Social media's influence overstated?

A new report from JupiterResearch has questioned the tactic of targeting high value customers through social media sites, saying they may be more traditional in their online behaviour than social marketers think.

The research found that, although nearly 25% of all online adults are classed as influential ‘brand advocates’, they spend more time gathering product information and purchasing items than spreading the word through social media sites.

They also preferred mainstream rather than social media when finding information on products.

Brand advocates have a high rate of online activity - the report found more than two-thirds research and purchase products online, compared to slightly over half of all online users.

But Emily Riley, an analyst at JupiterResearch, said social marketers should use the right tactics to target them.

“Although a high level of online activity may suggest the influential brand advocates would respond to social marketing tactics, they are actually more traditional in their manner of research.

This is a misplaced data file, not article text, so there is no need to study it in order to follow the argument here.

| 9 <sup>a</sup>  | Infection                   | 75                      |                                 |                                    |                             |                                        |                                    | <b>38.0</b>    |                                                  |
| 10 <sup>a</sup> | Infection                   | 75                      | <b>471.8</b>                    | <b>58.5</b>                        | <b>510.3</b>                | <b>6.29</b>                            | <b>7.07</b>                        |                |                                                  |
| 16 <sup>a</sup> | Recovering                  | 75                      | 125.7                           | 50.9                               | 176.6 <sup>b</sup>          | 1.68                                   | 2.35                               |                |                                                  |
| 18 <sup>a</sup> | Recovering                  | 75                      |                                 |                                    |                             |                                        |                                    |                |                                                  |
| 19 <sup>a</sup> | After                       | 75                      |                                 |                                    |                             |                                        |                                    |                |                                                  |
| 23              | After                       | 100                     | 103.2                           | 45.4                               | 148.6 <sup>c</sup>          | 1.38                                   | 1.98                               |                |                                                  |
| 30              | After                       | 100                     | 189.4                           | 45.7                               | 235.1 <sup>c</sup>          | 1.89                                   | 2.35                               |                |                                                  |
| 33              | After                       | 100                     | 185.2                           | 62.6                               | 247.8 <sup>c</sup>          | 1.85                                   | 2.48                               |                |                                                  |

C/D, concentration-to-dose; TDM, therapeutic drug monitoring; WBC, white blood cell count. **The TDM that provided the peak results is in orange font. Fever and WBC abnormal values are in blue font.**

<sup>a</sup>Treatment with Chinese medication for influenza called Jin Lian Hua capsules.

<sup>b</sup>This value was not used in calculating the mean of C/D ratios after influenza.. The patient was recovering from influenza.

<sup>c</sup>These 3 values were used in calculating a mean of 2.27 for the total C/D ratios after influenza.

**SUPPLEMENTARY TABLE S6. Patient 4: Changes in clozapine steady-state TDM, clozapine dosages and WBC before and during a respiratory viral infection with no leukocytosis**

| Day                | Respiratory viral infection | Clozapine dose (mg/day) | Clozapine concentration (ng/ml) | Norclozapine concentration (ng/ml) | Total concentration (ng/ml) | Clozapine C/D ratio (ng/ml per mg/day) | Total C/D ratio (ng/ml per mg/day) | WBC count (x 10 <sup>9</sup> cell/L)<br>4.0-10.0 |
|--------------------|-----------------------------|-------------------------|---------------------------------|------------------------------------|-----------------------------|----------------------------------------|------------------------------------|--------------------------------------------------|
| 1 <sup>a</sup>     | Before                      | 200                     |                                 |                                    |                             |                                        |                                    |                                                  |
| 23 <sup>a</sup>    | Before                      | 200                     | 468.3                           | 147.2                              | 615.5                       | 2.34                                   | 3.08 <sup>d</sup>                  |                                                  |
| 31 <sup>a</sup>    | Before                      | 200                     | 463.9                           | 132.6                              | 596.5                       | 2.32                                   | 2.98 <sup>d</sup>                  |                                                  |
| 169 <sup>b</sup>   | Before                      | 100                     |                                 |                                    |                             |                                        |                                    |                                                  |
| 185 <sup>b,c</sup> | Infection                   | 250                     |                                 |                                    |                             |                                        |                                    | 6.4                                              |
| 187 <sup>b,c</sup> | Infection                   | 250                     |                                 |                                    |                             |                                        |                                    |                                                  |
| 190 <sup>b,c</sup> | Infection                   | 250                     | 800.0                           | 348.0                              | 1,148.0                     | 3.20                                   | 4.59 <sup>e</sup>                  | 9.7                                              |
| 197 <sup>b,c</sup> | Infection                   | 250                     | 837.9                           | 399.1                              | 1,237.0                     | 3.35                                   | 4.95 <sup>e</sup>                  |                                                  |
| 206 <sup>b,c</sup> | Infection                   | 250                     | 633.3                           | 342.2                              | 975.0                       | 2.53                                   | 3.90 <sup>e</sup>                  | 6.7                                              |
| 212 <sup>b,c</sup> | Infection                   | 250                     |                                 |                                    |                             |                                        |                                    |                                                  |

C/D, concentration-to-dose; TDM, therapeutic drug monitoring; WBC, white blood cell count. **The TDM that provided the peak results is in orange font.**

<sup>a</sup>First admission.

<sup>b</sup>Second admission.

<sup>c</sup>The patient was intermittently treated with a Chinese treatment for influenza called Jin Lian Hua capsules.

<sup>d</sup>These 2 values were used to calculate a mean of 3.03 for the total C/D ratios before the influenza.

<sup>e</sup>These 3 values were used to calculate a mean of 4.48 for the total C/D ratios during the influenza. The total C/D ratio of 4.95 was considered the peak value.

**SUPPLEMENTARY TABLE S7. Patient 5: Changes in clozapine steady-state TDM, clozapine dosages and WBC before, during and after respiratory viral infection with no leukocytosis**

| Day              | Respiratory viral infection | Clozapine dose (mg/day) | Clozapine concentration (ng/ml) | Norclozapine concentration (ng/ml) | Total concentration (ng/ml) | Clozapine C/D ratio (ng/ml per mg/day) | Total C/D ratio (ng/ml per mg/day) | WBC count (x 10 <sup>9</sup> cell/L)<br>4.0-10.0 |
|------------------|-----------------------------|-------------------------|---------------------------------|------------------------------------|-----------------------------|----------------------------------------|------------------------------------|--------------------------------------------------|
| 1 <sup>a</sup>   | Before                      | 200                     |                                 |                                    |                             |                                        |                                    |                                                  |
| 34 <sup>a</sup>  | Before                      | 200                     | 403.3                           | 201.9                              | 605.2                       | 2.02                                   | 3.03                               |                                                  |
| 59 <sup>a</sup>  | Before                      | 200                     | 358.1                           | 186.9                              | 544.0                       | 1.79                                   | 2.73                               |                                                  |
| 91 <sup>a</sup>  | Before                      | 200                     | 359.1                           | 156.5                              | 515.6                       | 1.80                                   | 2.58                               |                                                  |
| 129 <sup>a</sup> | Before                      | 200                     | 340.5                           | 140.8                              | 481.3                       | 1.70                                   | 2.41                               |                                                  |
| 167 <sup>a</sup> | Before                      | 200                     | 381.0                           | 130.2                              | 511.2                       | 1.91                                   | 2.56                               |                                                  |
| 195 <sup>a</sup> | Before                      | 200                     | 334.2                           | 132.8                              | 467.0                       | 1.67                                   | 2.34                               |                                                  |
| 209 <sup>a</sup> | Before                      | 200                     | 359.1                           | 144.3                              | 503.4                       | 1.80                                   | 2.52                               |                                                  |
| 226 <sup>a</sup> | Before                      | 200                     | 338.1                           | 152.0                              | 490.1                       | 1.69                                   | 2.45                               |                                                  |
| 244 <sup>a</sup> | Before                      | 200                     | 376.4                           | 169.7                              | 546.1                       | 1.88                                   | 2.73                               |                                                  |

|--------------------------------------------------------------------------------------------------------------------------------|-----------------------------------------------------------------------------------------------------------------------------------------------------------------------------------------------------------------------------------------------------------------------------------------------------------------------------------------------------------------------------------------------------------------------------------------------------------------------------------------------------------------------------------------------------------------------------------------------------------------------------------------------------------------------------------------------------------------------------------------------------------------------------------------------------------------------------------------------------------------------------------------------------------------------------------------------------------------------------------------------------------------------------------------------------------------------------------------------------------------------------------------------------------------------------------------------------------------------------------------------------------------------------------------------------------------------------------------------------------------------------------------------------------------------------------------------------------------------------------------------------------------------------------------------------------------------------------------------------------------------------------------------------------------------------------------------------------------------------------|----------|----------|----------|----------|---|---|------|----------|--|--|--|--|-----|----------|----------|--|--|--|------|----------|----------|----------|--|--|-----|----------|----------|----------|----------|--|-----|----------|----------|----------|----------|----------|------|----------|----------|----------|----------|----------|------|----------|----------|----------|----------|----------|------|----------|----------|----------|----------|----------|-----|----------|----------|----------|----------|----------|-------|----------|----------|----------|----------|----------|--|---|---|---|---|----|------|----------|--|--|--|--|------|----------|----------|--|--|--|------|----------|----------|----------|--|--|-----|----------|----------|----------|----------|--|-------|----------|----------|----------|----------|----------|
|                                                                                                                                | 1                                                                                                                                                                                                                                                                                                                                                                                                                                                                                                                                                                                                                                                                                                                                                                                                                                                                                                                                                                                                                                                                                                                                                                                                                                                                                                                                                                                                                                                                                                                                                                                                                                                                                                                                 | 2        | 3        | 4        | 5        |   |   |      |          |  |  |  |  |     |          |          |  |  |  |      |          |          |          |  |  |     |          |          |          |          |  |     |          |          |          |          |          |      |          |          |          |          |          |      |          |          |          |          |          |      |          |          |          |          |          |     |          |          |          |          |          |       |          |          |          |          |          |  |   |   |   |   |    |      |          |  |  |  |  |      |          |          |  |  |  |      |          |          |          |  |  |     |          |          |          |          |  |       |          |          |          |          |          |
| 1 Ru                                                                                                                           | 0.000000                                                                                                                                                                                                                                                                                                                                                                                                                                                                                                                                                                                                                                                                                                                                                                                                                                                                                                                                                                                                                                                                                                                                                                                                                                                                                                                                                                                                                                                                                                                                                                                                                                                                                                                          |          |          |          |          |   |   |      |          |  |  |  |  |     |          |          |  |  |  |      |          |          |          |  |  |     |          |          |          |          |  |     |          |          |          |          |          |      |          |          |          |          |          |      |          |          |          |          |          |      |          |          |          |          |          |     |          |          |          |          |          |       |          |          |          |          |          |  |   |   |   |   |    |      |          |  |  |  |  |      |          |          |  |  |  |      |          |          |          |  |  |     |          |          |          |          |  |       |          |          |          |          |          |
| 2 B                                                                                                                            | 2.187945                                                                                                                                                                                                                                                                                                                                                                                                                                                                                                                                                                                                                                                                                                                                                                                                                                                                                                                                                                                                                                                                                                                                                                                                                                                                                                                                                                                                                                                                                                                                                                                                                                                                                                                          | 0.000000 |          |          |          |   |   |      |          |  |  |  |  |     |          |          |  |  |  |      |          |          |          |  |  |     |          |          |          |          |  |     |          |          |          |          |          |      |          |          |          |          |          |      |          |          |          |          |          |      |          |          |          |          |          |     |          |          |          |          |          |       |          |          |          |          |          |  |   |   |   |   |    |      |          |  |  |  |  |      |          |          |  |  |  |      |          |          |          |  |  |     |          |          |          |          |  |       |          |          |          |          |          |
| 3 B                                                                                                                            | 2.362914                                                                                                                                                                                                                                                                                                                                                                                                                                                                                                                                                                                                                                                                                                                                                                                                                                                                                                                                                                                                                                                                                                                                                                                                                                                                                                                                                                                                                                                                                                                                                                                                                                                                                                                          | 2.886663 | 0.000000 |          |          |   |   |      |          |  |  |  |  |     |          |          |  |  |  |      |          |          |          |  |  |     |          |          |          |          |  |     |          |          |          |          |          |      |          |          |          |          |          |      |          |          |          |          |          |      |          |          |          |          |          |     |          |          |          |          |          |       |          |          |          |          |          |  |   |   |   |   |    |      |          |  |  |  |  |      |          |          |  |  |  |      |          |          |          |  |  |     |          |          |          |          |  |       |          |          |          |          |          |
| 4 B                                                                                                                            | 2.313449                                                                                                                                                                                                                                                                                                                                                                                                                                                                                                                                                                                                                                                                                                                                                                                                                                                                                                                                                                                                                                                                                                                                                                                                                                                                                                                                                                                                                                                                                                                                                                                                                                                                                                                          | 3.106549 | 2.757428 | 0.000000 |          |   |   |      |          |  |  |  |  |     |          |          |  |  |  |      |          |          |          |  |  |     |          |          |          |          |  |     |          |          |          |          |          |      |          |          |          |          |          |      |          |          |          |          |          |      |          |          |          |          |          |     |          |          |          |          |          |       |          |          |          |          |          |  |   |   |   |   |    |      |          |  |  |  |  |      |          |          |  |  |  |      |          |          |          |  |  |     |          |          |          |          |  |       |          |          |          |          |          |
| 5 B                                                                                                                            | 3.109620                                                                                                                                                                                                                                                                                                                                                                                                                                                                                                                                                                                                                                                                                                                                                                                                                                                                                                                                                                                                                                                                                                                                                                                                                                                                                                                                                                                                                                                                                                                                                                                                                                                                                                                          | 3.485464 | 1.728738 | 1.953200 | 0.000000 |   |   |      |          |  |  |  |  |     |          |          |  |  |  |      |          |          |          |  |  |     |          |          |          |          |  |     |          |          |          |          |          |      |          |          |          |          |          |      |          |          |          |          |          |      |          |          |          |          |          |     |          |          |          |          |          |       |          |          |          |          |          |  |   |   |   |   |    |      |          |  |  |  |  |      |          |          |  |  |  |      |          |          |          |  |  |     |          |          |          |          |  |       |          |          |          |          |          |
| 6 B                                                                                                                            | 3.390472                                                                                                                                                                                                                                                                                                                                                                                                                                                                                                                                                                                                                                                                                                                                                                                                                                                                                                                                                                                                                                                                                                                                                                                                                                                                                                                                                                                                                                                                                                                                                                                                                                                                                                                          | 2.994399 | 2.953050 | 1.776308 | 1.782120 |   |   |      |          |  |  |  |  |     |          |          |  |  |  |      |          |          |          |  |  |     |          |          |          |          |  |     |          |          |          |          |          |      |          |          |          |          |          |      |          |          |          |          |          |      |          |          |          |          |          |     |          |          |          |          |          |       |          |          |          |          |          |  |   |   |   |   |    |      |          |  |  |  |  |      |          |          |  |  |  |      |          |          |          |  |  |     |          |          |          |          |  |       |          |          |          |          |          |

“This group is more likely to read a blog for information rather than create their own; advocacy toward a product or service is most likely to be generated by word-of-mouth.”

David Schatsky, president of JupiterResearch, added:

“Behavioural and content targeting are likely to attract brand advocates, since more than half of this segment is likely to pay attention to online ads that fit their interests or current activity.”

The report is at least partly backed up by an interview we did recently with DoubleClick’s director of research Rick Bruner.

He said the most influential customers tend to consume more media of all forms, not just the web or social media, and that they are particularly receptive to online advertising.

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